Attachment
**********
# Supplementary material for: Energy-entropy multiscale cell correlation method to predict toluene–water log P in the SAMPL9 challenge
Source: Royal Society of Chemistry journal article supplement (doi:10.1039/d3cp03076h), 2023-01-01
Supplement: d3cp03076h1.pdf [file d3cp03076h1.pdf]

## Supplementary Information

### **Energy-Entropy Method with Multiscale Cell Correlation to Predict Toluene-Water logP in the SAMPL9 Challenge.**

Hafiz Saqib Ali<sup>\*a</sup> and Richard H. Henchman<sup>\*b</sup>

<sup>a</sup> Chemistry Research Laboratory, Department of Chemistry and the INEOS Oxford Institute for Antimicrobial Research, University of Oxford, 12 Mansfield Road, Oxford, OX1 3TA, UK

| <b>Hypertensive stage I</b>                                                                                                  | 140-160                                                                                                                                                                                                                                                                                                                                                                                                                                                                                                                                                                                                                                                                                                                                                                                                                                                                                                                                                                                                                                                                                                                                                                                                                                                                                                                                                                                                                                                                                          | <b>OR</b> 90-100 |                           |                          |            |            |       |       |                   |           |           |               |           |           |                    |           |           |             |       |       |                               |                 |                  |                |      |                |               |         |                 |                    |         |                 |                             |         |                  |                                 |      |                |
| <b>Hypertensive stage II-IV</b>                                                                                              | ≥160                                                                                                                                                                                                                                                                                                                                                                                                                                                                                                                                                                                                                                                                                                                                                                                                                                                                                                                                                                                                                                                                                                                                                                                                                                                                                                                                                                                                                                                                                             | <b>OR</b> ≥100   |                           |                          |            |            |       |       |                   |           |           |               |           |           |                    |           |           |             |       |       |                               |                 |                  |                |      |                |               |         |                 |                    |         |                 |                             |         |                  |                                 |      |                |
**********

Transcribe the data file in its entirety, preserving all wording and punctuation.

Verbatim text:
# Supplementary material for: Energy-entropy multiscale cell correlation method to predict toluene–water log P in the SAMPL9 challenge
Source: Royal Society of Chemistry journal article supplement (doi:10.1039/d3cp03076h), 2023-01-01
Supplement: d3cp03076h1.pdf [file d3cp03076h1.pdf]

## Supplementary Information

### **Energy-Entropy Method with Multiscale Cell Correlation to Predict Toluene-Water logP in the SAMPL9 Challenge.**

Hafiz Saqib Ali<sup>\*a</sup> and Richard H. Henchman<sup>\*b</sup>

<sup>a</sup> Chemistry Research Laboratory, Department of Chemistry and the INEOS Oxford Institute for Antimicrobial Research, University of Oxford, 12 Mansfield Road, Oxford, OX1 3TA, UK

| <b>Hypertensive stage I</b>                                                                                                  | 140-160                                                                                                                                                                                                                                                                                                                                                                                                                                                                                                                                                                                                                                                                                                                                                                                                                                                                                                                                                                                                                                                                                                                                                                                                                                                                                                                                                                                                                                                                                          | <b>OR</b> 90-100 |                           |                          |            |            |       |       |                   |           |           |               |           |           |                    |           |           |             |       |       |                               |                 |                  |                |      |                |               |         |                 |                    |         |                 |                             |         |                  |                                 |      |                |
| <b>Hypertensive stage II-IV</b>                                                                                              | ≥160                                                                                                                                                                                                                                                                                                                                                                                                                                                                                                                                                                                                                                                                                                                                                                                                                                                                                                                                                                                                                                                                                                                                                                                                                                                                                                                                                                                                                                                                                             | <b>OR</b> ≥100   |                           |                          |            |            |       |       |                   |           |           |               |           |           |                    |           |           |             |       |       |                               |                 |                  |                |      |                |               |         |                 |                    |         |                 |                             |         |                  |                                 |      |                |